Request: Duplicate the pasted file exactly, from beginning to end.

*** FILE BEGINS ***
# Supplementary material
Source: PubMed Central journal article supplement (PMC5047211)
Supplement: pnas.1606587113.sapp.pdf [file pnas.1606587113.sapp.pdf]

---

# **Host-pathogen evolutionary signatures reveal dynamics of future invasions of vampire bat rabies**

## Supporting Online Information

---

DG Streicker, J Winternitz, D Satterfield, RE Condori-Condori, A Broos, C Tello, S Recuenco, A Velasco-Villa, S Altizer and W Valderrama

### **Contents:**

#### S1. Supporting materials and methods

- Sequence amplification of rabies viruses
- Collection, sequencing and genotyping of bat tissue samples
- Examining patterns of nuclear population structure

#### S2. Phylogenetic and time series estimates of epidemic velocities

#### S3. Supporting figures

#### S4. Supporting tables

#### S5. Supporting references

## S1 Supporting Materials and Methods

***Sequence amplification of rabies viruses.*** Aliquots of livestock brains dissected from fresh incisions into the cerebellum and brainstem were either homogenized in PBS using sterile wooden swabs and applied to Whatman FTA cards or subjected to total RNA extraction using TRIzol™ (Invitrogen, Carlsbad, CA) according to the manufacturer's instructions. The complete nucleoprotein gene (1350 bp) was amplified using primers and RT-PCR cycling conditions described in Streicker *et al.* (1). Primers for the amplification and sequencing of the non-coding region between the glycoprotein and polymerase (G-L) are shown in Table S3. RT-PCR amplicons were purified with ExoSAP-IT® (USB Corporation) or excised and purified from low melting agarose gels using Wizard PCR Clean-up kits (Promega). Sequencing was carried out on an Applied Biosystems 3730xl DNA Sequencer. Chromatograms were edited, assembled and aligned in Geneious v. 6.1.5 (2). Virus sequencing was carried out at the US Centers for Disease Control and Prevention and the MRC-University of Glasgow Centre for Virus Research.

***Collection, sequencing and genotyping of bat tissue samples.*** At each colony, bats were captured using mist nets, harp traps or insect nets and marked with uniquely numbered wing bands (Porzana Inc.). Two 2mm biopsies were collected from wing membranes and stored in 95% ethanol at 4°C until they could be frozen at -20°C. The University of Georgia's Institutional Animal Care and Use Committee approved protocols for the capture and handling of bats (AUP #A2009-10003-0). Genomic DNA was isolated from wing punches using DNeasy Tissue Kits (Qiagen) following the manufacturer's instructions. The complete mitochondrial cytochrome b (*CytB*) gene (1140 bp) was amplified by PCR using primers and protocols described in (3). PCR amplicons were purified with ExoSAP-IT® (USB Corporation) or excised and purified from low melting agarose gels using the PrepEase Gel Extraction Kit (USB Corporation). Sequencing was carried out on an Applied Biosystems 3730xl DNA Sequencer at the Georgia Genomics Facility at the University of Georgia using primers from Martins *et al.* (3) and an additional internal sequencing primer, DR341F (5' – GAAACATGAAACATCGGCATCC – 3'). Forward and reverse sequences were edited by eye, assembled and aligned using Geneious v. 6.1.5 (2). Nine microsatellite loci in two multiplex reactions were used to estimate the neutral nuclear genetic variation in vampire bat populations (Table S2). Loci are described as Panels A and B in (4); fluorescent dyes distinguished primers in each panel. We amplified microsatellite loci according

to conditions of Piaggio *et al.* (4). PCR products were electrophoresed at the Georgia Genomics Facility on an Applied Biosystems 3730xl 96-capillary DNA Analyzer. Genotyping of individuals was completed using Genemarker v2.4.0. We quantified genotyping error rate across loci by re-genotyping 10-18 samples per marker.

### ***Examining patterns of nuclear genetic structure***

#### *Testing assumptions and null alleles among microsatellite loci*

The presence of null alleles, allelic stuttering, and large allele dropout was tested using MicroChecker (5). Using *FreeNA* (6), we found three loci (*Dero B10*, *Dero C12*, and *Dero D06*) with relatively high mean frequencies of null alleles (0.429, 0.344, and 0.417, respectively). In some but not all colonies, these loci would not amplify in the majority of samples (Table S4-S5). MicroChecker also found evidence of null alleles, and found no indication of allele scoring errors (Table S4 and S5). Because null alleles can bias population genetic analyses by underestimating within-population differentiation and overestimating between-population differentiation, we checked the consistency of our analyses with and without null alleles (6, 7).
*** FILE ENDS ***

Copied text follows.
# Supplementary material
Source: PubMed Central journal article supplement (PMC5047211)
Supplement: pnas.1606587113.sapp.pdf [file pnas.1606587113.sapp.pdf]

---

# **Host-pathogen evolutionary signatures reveal dynamics of future invasions of vampire bat rabies**

## Supporting Online Information

---

DG Streicker, J Winternitz, D Satterfield, RE Condori-Condori, A Broos, C Tello, S Recuenco, A Velasco-Villa, S Altizer and W Valderrama

### **Contents:**

#### S1. Supporting materials and methods

- Sequence amplification of rabies viruses
- Collection, sequencing and genotyping of bat tissue samples
- Examining patterns of nuclear population structure

#### S2. Phylogenetic and time series estimates of epidemic velocities

#### S3. Supporting figures

#### S4. Supporting tables

#### S5. Supporting references

## S1 Supporting Materials and Methods

***Sequence amplification of rabies viruses.*** Aliquots of livestock brains dissected from fresh incisions into the cerebellum and brainstem were either homogenized in PBS using sterile wooden swabs and applied to Whatman FTA cards or subjected to total RNA extraction using TRIzol™ (Invitrogen, Carlsbad, CA) according to the manufacturer's instructions. The complete nucleoprotein gene (1350 bp) was amplified using primers and RT-PCR cycling conditions described in Streicker *et al.* (1). Primers for the amplification and sequencing of the non-coding region between the glycoprotein and polymerase (G-L) are shown in Table S3. RT-PCR amplicons were purified with ExoSAP-IT® (USB Corporation) or excised and purified from low melting agarose gels using Wizard PCR Clean-up kits (Promega). Sequencing was carried out on an Applied Biosystems 3730xl DNA Sequencer. Chromatograms were edited, assembled and aligned in Geneious v. 6.1.5 (2). Virus sequencing was carried out at the US Centers for Disease Control and Prevention and the MRC-University of Glasgow Centre for Virus Research.

***Collection, sequencing and genotyping of bat tissue samples.*** At each colony, bats were captured using mist nets, harp traps or insect nets and marked with uniquely numbered wing bands (Porzana Inc.). Two 2mm biopsies were collected from wing membranes and stored in 95% ethanol at 4°C until they could be frozen at -20°C. The University of Georgia's Institutional Animal Care and Use Committee approved protocols for the capture and handling of bats (AUP #A2009-10003-0). Genomic DNA was isolated from wing punches using DNeasy Tissue Kits (Qiagen) following the manufacturer's instructions. The complete mitochondrial cytochrome b (*CytB*) gene (1140 bp) was amplified by PCR using primers and protocols described in (3). PCR amplicons were purified with ExoSAP-IT® (USB Corporation) or excised and purified from low melting agarose gels using the PrepEase Gel Extraction Kit (USB Corporation). Sequencing was carried out on an Applied Biosystems 3730xl DNA Sequencer at the Georgia Genomics Facility at the University of Georgia using primers from Martins *et al.* (3) and an additional internal sequencing primer, DR341F (5' – GAAACATGAAACATCGGCATCC – 3'). Forward and reverse sequences were edited by eye, assembled and aligned using Geneious v. 6.1.5 (2). Nine microsatellite loci in two multiplex reactions were used to estimate the neutral nuclear genetic variation in vampire bat populations (Table S2). Loci are described as Panels A and B in (4); fluorescent dyes distinguished primers in each panel. We amplified microsatellite loci according

to conditions of Piaggio *et al.* (4). PCR products were electrophoresed at the Georgia Genomics Facility on an Applied Biosystems 3730xl 96-capillary DNA Analyzer. Genotyping of individuals was completed using Genemarker v2.4.0. We quantified genotyping error rate across loci by re-genotyping 10-18 samples per marker.

### ***Examining patterns of nuclear genetic structure***

#### *Testing assumptions and null alleles among microsatellite loci*

The presence of null alleles, allelic stuttering, and large allele dropout was tested using MicroChecker (5). Using *FreeNA* (6), we found three loci (*Dero B10*, *Dero C12*, and *Dero D06*) with relatively high mean frequencies of null alleles (0.429, 0.344, and 0.417, respectively). In some but not all colonies, these loci would not amplify in the majority of samples (Table S4-S5). MicroChecker also found evidence of null alleles, and found no indication of allele scoring errors (Table S4 and S5). Because null alleles can bias population genetic analyses by underestimating within-population differentiation and overestimating between-population differentiation, we checked the consistency of our analyses with and without null alleles (6, 7).